What I Wish My Physical Therapists Would've Taught Me When I Was Newly Injured
No one is perfect, and that includes physical therapists. No matter how much schooling and experience they have, they simply cannot tell you everything you need to know. Often, people will learn things from others with spinal cord injuries along the way or they’ll figure things out themselves.
Either way, it's important to know that when you’re discharged from physical therapy, there are still several things you need to learn, and you might not even know what they are yet. To help speed things up, here are some common things people say they would've loved to have had their physical therapists teach them when they were still a patient. What would you like to know?
How to Balance Without a Chest Strap
For quadriplegics and paraplegics with higher-level injuries, many physical therapists will tell you it’s a good idea to have a chest strap along with a seat belt. Many with SCI have bad balance and this is an excellent way to keep you safe and in your wheelchair.
With that said, there is a lot you can do much easier when you're not wearing a chest wrap, such as cooking, reaching for things, leaning forward to reposition your legs, and doing a lot of everyday activities. Many people will hook their arms around the push handles of the wheelchair instead of using a chest strap, but the long-term effects of this are not good.
Either way, practice balancing without a chest wrap and see where or what you can grab on your wheelchair to make up for the strap. This knowledge will be helpful when doing specific activities, or if for whatever reason there is no strap available.
Stop Pushing Head Rest Use (and Powerchair)
Physical therapists will sometimes encourage quadriplegics to get a headrest when it is not necessary for their level of injury. They'll say, "It will make your life easier," but that is not necessarily something you want when you're trying to recover function. For those with injuries from C5 and below, many go without a headrest.
If you are this level or lower try going without one, and then use one, before making up your mind about a headrest. And do this for a lot of mobility items for that matter. Physical therapists may know a lot of things, but they have not actually lived with a spinal cord injury.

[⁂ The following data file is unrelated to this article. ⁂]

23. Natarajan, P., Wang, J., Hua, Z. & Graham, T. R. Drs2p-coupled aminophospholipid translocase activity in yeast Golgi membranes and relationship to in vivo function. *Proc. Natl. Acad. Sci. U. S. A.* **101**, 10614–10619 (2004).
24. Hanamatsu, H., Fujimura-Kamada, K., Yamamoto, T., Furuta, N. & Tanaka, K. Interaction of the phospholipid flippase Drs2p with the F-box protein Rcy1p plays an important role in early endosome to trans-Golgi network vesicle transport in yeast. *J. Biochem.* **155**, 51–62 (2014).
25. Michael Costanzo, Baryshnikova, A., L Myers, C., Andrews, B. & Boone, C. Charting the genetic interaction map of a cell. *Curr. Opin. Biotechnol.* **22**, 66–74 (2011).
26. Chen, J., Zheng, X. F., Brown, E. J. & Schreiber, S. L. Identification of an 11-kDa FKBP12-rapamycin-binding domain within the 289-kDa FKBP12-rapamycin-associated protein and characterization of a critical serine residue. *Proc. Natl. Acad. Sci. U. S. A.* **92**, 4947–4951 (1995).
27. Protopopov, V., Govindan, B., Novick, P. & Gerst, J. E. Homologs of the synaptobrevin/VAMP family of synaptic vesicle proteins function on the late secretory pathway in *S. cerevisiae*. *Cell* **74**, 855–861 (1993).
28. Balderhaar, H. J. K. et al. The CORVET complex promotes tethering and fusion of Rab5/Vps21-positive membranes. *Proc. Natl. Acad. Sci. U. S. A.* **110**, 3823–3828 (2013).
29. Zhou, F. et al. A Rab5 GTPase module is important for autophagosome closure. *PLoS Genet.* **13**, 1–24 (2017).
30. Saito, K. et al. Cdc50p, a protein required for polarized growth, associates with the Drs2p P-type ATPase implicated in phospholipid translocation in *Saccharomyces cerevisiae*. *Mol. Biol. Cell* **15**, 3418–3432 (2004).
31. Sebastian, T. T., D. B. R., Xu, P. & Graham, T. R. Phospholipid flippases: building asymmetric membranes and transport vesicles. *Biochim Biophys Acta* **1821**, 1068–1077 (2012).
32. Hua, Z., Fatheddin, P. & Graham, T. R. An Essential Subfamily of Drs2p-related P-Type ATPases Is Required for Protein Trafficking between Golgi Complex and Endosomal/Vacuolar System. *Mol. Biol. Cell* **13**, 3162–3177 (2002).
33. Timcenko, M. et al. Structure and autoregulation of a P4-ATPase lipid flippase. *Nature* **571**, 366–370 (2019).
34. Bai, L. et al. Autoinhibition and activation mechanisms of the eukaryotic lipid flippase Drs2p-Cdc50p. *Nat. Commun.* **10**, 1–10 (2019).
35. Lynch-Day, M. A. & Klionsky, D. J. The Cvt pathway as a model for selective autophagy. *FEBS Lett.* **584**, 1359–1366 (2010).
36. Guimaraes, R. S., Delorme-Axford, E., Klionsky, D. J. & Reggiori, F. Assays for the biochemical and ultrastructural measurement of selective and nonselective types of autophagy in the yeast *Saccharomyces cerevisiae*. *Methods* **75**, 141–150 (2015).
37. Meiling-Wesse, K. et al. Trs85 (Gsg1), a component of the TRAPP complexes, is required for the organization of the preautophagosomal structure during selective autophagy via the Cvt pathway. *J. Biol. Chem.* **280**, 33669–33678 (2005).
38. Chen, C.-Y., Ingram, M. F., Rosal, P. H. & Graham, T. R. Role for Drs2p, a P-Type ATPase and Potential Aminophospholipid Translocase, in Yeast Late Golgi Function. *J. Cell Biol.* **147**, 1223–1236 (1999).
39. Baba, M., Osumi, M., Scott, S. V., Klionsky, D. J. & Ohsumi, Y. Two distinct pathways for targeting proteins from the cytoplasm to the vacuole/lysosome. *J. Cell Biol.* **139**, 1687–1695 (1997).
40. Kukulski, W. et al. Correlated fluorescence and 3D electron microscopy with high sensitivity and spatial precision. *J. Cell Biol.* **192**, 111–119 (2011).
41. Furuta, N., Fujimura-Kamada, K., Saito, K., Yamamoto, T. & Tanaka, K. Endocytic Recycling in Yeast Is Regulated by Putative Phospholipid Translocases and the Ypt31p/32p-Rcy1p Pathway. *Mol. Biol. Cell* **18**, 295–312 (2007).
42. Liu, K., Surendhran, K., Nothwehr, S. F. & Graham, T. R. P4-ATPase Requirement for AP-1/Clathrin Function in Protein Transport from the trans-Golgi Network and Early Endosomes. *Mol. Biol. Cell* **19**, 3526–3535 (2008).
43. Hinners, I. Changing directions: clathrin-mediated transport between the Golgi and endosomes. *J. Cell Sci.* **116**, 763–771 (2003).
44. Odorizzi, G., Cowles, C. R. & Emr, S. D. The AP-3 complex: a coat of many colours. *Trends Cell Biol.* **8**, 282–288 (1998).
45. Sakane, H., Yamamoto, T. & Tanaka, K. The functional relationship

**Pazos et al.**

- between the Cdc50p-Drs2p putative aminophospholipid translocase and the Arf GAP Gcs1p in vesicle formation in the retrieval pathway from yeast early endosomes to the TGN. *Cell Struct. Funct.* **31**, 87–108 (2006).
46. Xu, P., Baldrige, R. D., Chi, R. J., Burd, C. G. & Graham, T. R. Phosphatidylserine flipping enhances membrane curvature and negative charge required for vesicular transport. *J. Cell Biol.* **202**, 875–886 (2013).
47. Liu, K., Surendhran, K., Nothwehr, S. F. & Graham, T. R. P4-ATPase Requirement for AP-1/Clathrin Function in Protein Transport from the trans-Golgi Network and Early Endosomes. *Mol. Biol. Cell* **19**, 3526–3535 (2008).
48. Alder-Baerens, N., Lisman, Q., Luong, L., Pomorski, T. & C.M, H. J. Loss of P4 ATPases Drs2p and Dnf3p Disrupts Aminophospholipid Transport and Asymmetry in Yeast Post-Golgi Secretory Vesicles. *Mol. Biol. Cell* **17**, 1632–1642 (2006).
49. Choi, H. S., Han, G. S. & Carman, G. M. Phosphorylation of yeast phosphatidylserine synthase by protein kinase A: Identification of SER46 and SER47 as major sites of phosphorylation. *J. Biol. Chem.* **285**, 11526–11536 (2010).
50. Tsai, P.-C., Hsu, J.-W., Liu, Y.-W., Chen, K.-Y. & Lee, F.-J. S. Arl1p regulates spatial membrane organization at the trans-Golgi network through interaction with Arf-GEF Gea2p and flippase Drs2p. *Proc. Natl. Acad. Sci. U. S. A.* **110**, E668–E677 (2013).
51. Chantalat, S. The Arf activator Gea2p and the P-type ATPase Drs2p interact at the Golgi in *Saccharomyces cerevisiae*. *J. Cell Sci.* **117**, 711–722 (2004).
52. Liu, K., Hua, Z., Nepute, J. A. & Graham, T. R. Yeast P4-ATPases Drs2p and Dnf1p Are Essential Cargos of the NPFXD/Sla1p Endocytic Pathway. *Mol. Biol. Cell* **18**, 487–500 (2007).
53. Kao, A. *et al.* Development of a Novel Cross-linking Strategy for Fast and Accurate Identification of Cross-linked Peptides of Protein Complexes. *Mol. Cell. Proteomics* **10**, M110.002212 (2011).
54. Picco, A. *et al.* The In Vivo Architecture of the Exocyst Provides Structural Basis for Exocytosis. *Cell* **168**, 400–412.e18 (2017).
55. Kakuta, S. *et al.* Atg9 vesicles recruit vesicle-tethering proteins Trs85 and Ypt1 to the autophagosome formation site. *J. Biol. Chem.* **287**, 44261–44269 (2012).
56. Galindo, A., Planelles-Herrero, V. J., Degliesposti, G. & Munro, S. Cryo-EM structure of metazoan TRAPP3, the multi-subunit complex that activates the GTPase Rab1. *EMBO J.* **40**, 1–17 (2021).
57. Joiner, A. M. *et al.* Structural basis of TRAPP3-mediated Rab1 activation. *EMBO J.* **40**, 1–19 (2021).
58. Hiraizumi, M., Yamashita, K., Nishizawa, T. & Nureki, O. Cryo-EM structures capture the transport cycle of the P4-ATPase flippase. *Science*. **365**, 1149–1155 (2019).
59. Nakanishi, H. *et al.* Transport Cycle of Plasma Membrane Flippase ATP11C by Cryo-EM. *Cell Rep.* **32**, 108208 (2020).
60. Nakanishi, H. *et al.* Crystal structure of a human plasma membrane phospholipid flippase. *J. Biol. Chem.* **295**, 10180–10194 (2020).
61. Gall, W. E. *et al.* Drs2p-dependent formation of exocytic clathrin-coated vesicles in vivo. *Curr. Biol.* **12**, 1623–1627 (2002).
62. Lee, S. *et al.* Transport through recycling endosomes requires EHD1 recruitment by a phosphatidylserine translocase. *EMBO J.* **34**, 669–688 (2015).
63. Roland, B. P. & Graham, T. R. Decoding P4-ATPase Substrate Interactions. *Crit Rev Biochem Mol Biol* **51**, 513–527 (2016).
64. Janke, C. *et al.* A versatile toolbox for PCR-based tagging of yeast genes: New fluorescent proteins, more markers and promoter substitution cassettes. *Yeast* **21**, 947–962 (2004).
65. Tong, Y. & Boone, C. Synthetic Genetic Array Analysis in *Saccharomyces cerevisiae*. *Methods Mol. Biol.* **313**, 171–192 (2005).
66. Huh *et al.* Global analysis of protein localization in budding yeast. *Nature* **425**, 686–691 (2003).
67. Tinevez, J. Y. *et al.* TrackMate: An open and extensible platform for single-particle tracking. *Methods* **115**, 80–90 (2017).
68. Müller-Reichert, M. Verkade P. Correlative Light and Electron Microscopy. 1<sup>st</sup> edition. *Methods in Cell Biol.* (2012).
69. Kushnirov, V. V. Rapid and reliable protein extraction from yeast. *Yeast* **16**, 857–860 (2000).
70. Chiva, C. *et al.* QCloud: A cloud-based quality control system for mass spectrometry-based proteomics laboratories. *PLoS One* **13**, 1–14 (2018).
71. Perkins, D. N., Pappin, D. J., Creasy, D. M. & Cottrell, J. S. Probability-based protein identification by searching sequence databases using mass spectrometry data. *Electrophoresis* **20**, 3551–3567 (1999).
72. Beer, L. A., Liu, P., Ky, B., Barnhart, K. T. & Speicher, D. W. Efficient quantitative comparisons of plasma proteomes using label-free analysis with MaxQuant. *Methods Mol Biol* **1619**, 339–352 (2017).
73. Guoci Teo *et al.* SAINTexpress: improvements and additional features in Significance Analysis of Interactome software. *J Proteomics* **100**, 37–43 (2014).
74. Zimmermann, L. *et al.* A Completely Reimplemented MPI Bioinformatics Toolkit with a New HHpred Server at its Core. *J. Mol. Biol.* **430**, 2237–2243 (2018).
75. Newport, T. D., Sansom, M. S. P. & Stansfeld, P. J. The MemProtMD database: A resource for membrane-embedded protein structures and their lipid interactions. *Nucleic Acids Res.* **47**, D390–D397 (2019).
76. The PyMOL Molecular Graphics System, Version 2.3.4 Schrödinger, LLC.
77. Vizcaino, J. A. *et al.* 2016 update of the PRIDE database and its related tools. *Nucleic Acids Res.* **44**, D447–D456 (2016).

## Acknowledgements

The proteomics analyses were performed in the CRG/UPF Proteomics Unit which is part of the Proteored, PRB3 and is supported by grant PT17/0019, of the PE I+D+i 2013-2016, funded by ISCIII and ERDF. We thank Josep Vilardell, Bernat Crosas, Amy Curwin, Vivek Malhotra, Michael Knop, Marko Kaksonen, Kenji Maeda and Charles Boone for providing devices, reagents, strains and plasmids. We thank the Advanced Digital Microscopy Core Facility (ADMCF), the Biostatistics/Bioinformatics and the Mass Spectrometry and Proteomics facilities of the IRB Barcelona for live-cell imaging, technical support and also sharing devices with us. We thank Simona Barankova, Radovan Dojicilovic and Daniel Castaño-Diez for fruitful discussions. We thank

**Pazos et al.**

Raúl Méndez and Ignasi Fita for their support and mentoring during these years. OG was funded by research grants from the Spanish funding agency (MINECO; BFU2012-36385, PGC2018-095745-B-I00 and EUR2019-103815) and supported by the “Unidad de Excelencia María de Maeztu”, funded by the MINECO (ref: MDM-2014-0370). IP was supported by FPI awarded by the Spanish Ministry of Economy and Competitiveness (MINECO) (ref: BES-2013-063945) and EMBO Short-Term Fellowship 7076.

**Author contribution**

Many quadriplegics are able to use manual wheelchairs when physical therapists will push the use of a power wheelchair. There is a lot of new technology that can be added to manual wheelchairs so they are easier to push, making them even more possible for quadriplegics to use on a daily basis.
Regularly Exercise Your Entire Body
In traditional physical therapy, there's not a lot of talk about moving your lower body or your limbs that are paralyzed outside of the range of motion. They will encourage standing frame use, which is great, but it is a good idea to also work out your legs using an exercise machine or with the help of a trainer. Many people will purchase an at-home FES bike that electronically stimulates leg muscles to peddle a sitting cycle.
Otherwise, repetitive motion, such as moving your legs back and forth, especially in the form of an exoskeleton, can help keep your legs limber and prevent osteoporosis. If you go to an activity-based therapy gym, therapists will move your legs for you. Think of the range of motion, but with more cardio.
How to Get Everything Off the Floor
Picking up things off of the floor is one of the most important tasks you need to know as a wheelchair user if it is possible with your level of injury. Many use reachers. Some people will even keep a foldable reacher on their wheelchair so they have one whenever they need it.
There are times however when a reacher is simply not strong enough, or you may not have the dexterity to use the grabber function. The good news is that there are many techniques that physical therapists do not teach to get things from the floor.
One of the most popular is the "bag" technique. This is for people who have arm function but limited hand function. If there's something large on the floor that your reacher cannot grab, use a bag and put it on the floor on its side, then roll whenever you want to pick it up inside the bag. Once that is done, simply pick up the bag, and you have the contents you want right on your lap.
This is just a slice of what people have told us of things they would have loved to have been taught while in physical therapy. Click back soon for more helpful info for those with new spinal cord injuries.
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Spinal Cord Team